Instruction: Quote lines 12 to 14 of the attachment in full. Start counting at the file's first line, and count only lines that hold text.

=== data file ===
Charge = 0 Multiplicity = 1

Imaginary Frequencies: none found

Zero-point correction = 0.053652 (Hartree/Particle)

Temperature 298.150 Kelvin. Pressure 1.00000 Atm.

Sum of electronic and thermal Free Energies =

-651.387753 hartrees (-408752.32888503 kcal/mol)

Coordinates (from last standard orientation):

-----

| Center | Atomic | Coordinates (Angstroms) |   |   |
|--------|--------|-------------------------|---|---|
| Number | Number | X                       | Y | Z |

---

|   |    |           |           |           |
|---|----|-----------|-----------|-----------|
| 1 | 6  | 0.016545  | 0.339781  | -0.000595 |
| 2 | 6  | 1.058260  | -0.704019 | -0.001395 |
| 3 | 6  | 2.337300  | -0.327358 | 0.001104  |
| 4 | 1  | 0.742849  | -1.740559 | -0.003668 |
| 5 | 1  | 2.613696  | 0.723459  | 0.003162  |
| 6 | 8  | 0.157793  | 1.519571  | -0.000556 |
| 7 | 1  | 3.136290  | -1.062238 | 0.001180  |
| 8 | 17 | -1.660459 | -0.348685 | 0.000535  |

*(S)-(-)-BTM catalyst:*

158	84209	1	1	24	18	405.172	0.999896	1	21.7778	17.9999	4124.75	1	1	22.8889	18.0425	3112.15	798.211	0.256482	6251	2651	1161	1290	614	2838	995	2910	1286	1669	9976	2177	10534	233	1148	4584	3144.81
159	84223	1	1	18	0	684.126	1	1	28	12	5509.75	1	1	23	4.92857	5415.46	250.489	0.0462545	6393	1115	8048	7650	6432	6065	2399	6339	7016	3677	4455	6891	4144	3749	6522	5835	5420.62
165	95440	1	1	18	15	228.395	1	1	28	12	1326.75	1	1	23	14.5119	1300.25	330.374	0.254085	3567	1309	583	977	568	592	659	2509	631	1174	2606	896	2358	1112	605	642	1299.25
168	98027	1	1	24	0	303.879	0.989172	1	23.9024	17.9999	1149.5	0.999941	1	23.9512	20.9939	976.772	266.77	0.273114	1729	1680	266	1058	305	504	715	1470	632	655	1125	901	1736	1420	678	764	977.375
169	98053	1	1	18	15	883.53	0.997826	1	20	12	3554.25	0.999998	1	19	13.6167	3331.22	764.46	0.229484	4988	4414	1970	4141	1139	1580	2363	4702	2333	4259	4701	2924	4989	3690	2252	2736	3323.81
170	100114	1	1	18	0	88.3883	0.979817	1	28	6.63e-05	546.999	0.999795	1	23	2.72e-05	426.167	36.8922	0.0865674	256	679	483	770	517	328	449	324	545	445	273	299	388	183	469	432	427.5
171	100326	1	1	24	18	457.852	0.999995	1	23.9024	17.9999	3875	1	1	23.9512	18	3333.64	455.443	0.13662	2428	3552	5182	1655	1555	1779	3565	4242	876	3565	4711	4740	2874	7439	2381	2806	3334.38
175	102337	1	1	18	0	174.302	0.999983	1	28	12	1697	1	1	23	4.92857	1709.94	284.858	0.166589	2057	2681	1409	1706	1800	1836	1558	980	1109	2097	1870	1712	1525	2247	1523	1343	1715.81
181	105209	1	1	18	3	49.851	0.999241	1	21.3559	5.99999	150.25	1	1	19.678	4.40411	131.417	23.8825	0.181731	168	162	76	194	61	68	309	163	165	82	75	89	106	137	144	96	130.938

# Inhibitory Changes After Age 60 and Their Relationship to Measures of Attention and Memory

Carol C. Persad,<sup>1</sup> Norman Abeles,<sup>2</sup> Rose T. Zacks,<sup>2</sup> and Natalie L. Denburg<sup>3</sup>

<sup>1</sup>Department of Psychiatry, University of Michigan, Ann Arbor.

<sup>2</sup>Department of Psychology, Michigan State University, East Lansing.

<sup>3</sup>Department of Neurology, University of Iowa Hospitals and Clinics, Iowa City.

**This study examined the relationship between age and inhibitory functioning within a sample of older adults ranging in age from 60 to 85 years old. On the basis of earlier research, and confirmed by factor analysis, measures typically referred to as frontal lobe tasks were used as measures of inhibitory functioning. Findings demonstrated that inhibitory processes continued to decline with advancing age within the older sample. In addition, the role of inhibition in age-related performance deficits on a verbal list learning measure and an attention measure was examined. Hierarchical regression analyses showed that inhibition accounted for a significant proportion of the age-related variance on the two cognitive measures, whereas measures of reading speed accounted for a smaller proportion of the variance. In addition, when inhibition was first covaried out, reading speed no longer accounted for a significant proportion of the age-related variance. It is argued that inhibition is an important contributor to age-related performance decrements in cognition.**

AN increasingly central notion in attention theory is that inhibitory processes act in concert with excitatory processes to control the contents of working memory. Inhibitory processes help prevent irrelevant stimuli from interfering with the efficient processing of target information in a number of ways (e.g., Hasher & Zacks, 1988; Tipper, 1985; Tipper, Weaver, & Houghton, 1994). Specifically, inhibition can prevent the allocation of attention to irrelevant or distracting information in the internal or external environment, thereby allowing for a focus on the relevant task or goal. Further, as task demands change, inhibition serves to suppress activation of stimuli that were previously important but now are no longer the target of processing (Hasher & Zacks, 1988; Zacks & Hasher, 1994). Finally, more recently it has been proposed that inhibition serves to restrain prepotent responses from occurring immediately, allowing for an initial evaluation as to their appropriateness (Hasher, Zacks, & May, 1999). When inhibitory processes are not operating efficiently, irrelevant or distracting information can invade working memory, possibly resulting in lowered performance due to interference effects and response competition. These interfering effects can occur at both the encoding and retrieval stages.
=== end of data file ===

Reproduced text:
---

|   |    |           |           |           |
|---|----|-----------|-----------|-----------|